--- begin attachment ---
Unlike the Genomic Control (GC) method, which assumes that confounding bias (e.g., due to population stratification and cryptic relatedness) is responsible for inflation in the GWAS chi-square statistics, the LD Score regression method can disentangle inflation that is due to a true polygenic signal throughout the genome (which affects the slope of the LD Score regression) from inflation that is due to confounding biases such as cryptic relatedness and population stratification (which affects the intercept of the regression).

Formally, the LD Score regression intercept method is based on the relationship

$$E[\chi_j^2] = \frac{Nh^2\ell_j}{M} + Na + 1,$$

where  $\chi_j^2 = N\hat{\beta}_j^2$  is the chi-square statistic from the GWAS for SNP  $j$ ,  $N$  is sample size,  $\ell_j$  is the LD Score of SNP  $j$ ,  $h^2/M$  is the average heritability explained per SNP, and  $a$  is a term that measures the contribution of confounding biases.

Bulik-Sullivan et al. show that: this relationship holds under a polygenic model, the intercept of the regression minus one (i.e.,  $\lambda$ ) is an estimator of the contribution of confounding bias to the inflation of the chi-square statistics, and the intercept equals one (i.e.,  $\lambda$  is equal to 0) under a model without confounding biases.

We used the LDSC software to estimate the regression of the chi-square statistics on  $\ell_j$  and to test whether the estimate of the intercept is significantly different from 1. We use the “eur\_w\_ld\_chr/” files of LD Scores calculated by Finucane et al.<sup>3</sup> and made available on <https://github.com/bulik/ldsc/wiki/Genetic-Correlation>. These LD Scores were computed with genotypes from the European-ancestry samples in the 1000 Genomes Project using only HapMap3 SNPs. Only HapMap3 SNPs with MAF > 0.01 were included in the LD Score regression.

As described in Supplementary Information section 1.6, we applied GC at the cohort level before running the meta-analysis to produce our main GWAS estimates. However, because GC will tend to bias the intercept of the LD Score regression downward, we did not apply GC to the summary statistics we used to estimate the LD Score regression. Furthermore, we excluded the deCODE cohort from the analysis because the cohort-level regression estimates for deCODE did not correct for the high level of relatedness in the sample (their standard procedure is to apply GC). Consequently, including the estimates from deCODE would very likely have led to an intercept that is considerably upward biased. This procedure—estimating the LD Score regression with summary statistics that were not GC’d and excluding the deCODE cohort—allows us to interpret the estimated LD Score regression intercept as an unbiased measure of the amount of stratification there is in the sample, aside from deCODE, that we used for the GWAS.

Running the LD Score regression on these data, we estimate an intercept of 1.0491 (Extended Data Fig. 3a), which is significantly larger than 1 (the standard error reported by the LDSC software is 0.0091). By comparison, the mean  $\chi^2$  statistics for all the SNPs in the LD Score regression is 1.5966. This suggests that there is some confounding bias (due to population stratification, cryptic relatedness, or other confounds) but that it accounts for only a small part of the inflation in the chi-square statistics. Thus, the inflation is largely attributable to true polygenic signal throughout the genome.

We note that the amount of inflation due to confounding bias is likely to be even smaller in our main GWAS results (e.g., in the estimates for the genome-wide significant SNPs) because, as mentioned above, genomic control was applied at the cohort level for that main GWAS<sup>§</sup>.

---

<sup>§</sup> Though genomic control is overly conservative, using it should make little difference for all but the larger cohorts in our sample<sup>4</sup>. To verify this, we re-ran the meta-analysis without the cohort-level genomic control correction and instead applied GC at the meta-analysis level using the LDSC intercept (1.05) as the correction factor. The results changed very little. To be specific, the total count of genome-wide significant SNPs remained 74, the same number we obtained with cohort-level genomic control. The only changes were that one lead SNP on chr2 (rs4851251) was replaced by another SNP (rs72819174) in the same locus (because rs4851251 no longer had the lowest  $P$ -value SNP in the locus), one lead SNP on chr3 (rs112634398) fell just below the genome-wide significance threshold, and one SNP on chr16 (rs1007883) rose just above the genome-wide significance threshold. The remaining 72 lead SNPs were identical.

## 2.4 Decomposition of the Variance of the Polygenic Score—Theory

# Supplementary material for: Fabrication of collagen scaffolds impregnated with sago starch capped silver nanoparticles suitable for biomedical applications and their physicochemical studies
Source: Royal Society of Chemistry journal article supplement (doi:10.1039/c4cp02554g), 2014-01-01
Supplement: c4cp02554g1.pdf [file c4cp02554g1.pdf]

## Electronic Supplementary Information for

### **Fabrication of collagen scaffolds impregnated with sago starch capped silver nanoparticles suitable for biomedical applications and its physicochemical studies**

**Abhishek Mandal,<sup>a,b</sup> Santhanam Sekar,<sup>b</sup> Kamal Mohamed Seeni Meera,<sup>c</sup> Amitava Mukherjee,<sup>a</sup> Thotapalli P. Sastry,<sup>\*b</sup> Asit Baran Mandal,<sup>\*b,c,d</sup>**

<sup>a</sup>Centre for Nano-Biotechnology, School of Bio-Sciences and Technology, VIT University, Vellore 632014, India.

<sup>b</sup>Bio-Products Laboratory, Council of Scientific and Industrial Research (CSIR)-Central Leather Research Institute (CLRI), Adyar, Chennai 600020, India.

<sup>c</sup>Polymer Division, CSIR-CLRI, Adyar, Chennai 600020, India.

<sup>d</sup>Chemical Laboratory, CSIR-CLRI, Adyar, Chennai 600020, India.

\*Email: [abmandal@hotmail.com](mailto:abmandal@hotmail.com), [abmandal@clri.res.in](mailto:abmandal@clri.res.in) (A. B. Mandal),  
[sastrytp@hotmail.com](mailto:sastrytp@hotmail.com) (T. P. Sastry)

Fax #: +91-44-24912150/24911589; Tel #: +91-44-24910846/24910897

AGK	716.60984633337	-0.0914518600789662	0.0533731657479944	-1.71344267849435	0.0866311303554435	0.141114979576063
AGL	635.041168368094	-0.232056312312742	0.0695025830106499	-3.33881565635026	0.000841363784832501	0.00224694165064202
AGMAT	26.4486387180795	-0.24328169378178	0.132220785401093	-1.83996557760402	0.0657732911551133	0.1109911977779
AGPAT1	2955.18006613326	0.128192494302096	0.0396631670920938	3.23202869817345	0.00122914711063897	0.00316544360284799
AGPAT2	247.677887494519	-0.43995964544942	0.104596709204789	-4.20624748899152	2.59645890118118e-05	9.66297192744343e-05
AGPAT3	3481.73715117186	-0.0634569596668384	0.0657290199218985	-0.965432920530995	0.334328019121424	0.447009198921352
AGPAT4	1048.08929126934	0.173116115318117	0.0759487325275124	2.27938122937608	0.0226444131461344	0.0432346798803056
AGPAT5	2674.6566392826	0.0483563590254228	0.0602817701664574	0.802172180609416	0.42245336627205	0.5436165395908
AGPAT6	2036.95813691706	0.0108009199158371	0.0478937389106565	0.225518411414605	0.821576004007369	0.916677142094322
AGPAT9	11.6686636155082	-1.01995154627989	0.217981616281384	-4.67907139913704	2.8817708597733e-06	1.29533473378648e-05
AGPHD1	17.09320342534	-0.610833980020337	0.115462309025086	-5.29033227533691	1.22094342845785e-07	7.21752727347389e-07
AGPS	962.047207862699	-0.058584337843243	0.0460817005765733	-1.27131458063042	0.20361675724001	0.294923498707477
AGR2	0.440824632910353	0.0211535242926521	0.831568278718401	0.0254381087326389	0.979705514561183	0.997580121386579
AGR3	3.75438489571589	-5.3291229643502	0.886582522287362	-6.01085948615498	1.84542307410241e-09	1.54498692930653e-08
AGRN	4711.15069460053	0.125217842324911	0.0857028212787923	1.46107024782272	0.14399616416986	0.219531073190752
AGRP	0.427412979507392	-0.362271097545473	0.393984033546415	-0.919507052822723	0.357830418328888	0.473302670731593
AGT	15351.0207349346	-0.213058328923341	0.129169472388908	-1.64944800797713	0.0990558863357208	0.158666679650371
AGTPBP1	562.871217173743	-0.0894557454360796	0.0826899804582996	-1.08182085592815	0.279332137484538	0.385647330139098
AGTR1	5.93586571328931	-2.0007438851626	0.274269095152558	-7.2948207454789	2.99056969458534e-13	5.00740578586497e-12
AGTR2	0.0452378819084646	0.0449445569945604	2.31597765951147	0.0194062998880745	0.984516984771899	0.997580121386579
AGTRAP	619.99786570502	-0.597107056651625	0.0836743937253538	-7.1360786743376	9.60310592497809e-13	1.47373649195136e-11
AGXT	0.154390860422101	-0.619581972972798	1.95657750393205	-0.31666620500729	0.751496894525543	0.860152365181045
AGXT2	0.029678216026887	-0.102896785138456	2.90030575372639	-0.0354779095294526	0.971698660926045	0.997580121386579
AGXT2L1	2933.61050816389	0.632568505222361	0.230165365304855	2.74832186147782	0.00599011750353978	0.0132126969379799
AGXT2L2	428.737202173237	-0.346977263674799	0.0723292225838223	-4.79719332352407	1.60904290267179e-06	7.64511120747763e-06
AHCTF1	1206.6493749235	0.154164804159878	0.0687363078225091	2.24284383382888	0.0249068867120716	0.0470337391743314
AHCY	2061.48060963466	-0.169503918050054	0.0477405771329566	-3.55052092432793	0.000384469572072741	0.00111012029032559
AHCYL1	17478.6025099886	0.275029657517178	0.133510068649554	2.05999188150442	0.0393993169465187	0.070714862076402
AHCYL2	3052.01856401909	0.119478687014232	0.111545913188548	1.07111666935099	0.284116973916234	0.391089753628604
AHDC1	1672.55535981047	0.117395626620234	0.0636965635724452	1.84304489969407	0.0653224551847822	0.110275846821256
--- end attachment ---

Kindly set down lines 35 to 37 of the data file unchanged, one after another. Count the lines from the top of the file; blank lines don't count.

AGPAT9	11.6686636155082	-1.01995154627989	0.217981616281384	-4.67907139913704	2.8817708597733e-06	1.29533473378648e-05
AGPHD1	17.09320342534	-0.610833980020337	0.115462309025086	-5.29033227533691	1.22094342845785e-07	7.21752727347389e-07
AGPS	962.047207862699	-0.058584337843243	0.0460817005765733	-1.27131458063042	0.20361675724001	0.294923498707477